Wednesday, July 8, 2009

Hi all

2 and a half year ago, I wrote a blog post about looping around elements, which can be found here: In this post, I mention two ways to do something per element in a message. One is to use the XML (or flat file) disassembler to split the message into lots of messages and have them handled individually, and the other is to do it inside an orchestration.

Since then, BizTalk has been updated such that you can now call a receive pipeline from within your orchestration, which gives you the another way of looping through elements inside an orchestration.

Often times, in the forums, users are suggested to loop through elements of a message inside an orchestration. It is a fairly common approach if you want the subelements of a message handled in the correct order, for instance.

This post is to make sure people know that looping around a message inside an orchestration can have a serious performance impact.

Say you receive a large message – 100MB. You start looping around it inside an orchestration and split it up into, say, 1000 messages of 100k each. Then, for each message you call a web service or send out the message to some system. What will happen is, that the orchestration will persist its state after each send shape, meaning that the 100BM is written 1000 times to the messagebox. Persistence points are something you always need to be aware of when designing your orchestrations, and with messages of 100MB, even more so.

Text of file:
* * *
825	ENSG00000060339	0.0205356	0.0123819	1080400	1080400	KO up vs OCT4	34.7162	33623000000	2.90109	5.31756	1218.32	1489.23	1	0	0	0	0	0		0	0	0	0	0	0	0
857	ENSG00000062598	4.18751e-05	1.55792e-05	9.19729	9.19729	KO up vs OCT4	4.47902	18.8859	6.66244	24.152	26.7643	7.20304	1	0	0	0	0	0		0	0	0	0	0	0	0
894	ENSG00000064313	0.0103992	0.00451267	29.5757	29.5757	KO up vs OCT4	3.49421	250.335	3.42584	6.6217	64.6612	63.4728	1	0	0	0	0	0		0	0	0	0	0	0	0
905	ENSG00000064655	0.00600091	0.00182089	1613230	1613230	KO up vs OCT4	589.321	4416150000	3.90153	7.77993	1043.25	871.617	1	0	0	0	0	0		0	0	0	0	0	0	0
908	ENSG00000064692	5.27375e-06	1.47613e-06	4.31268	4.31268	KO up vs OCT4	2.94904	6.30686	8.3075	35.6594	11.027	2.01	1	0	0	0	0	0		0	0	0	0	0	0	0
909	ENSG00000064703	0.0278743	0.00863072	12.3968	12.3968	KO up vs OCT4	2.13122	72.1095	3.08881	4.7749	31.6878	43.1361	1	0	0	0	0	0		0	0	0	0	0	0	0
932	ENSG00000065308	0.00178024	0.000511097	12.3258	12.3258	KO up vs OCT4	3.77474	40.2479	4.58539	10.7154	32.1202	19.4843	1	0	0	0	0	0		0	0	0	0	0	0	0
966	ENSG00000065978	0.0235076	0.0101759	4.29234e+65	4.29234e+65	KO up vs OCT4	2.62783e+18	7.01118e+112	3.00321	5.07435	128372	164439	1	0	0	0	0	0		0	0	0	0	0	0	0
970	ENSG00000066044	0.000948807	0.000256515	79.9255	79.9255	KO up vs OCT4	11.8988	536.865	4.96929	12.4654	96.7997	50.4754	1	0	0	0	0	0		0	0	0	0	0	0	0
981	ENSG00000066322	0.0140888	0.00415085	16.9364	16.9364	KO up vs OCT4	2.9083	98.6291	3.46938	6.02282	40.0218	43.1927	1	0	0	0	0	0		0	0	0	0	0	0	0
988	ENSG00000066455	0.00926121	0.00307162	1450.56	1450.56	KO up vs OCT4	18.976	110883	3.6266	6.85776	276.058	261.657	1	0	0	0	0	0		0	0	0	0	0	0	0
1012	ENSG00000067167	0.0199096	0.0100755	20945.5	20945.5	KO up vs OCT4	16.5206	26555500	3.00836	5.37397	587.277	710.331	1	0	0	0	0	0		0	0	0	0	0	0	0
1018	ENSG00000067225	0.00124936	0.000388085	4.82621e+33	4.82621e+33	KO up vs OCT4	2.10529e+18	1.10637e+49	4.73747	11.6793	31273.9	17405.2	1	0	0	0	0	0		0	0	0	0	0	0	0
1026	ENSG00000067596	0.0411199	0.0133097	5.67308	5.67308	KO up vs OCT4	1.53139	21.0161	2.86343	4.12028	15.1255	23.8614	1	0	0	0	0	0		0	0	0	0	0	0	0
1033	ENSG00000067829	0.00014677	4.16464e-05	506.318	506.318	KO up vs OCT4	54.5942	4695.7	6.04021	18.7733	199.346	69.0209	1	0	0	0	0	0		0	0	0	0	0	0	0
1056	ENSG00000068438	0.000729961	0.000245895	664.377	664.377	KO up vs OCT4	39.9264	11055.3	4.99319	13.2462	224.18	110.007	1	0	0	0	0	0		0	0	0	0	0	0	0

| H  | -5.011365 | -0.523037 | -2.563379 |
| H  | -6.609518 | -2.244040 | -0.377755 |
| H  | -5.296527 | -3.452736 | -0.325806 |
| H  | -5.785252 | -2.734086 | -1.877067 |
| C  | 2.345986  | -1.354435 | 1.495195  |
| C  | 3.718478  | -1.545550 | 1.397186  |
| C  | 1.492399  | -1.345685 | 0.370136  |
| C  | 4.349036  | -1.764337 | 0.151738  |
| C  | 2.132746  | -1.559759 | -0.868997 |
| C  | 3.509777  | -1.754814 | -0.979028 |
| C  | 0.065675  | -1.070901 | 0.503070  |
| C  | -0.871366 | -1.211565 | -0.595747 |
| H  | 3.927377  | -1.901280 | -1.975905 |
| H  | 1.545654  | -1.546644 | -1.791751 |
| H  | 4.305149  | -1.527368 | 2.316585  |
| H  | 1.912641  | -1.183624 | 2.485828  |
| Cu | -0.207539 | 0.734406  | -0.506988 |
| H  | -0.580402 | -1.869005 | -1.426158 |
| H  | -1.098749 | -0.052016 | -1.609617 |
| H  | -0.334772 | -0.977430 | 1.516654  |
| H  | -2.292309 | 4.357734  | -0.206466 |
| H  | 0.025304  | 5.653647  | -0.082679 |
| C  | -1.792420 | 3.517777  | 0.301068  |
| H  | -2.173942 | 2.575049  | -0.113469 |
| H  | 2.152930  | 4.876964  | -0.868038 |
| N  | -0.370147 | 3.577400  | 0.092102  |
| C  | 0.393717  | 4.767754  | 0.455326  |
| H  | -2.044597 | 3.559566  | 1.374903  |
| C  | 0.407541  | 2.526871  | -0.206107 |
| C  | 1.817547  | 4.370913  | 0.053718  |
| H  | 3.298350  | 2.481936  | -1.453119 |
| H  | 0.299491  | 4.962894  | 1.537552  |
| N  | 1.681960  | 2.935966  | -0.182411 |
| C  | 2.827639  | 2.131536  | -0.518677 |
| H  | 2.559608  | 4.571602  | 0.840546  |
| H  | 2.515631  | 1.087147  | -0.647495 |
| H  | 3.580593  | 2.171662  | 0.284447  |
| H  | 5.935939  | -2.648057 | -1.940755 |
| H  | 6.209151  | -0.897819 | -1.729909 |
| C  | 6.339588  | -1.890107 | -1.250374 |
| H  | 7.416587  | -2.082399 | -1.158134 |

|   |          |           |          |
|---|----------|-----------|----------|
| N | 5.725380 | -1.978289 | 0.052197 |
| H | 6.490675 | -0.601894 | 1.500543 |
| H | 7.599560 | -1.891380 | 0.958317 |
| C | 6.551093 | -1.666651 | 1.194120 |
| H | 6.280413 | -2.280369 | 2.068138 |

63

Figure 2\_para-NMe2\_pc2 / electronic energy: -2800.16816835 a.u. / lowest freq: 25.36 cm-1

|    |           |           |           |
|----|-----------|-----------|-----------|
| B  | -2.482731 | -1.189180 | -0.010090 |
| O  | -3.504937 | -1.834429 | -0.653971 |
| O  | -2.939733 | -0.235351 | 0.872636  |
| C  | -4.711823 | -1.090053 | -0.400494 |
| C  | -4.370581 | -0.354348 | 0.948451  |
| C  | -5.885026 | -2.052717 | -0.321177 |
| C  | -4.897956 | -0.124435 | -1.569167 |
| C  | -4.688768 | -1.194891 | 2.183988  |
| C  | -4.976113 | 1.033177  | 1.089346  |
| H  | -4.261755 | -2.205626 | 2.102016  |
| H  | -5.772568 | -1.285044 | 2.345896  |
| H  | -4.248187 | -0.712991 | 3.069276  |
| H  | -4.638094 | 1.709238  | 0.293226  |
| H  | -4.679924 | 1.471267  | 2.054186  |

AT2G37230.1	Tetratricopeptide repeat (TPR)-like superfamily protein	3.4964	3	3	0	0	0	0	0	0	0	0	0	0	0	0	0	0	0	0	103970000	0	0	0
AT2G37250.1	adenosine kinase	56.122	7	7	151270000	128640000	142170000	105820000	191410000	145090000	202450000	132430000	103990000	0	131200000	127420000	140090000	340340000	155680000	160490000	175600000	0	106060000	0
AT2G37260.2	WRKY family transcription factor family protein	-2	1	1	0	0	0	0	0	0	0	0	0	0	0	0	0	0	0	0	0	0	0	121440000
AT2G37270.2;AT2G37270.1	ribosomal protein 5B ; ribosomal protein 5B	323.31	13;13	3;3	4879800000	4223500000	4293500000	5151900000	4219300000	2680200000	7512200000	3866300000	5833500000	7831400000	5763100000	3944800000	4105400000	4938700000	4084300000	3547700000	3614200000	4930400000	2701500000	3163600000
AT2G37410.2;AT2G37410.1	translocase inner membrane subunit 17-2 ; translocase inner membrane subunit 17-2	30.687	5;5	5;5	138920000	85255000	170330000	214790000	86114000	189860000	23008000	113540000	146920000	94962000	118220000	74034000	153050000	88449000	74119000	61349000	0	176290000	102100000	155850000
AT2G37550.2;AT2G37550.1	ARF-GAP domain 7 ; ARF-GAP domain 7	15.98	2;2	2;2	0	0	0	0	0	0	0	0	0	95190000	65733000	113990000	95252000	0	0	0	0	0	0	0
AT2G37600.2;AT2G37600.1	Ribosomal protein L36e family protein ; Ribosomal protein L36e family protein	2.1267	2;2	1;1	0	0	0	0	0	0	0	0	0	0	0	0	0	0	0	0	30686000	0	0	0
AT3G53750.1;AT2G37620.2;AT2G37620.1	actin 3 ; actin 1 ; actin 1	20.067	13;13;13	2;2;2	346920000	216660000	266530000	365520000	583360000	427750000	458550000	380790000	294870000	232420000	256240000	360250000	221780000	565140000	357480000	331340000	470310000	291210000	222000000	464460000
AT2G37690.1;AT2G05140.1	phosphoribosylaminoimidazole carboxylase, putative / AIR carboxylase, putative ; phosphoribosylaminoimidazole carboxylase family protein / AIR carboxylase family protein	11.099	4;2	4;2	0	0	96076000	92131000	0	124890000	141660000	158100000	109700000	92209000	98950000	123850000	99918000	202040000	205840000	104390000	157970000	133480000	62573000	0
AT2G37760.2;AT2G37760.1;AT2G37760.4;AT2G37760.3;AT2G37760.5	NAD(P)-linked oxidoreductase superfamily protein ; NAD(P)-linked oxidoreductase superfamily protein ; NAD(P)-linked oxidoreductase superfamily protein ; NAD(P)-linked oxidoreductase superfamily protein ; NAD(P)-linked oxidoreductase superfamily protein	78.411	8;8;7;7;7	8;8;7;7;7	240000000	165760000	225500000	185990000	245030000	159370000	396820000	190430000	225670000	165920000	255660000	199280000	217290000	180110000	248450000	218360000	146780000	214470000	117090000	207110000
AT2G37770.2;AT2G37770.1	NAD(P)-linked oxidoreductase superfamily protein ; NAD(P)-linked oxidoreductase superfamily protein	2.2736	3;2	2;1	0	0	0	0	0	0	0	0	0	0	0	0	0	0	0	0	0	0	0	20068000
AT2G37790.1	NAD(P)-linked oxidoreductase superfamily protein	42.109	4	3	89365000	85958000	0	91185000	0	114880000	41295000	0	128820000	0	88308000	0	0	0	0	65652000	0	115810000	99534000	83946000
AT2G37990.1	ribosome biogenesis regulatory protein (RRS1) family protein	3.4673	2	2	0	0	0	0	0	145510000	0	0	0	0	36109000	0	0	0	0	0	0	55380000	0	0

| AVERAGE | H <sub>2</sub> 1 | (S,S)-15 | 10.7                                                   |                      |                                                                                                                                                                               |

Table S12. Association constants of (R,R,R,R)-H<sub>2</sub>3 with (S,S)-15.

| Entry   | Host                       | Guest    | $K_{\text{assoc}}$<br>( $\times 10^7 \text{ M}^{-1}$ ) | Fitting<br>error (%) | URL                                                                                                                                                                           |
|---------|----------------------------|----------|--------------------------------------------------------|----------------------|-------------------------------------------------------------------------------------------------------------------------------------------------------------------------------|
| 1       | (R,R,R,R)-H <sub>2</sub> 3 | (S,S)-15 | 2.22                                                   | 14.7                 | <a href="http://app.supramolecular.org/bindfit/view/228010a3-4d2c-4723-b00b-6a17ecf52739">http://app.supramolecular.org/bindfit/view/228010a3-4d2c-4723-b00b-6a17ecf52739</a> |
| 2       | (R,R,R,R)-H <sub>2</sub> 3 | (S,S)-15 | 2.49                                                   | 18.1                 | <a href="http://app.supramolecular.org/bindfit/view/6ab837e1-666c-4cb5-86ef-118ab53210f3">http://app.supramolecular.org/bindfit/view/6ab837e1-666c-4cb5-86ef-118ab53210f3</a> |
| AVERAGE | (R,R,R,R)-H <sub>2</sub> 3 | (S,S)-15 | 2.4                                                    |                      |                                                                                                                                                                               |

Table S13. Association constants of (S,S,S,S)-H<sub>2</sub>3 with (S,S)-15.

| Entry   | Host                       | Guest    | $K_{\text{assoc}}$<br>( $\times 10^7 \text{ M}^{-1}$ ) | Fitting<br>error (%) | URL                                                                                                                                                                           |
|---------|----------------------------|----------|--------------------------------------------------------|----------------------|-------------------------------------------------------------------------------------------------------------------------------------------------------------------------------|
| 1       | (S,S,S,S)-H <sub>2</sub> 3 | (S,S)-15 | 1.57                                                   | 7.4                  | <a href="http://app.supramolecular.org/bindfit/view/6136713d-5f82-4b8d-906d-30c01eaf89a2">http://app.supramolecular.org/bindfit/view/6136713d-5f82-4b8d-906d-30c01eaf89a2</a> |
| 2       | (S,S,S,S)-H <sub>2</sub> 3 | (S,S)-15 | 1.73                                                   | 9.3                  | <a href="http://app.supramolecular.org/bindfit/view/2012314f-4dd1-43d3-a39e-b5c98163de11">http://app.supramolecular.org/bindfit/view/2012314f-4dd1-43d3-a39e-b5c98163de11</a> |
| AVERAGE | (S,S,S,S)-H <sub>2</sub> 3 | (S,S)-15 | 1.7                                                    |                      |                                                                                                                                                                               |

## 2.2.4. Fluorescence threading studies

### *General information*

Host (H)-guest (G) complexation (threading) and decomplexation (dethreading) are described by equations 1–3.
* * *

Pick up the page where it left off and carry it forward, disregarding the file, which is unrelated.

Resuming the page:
SO, don’t just loop around a message inside an orchestration because you can… do it when you absolutely have to.



Wednesday, July 8, 2009 10:07:07 PM (Romance Daylight Time, UTC+02:00)  #    Comments [2]  | 
Saturday, July 11, 2009 2:32:12 AM (Romance Daylight Time, UTC+02:00)
When calling a pipeline from an orchestration it happens inside an atomic scope so there are no persistance points. It does keep the debatched messages or references to them in memory until it is all disassembled though from what I can tell because it has to wait until it's finished debatching before committing. When having to choose between calling a pipeline from the orchestration or debatching with xpath the former seems like a better choice. With very large messages though nothing beats debatching in the receive port.
Saturday, July 11, 2009 8:21:31 PM (Romance Daylight Time, UTC+02:00)
Hi Thiago

Well, I must confess I have never tried calling a pipeline from within an orchestration myself, but since you can't have both the send- and receive shape from a request-response port in the same atomic scope, then how do you deal with having to call a web service or the SQL adapter or something else for each message?

I guess I'll have to look into this...
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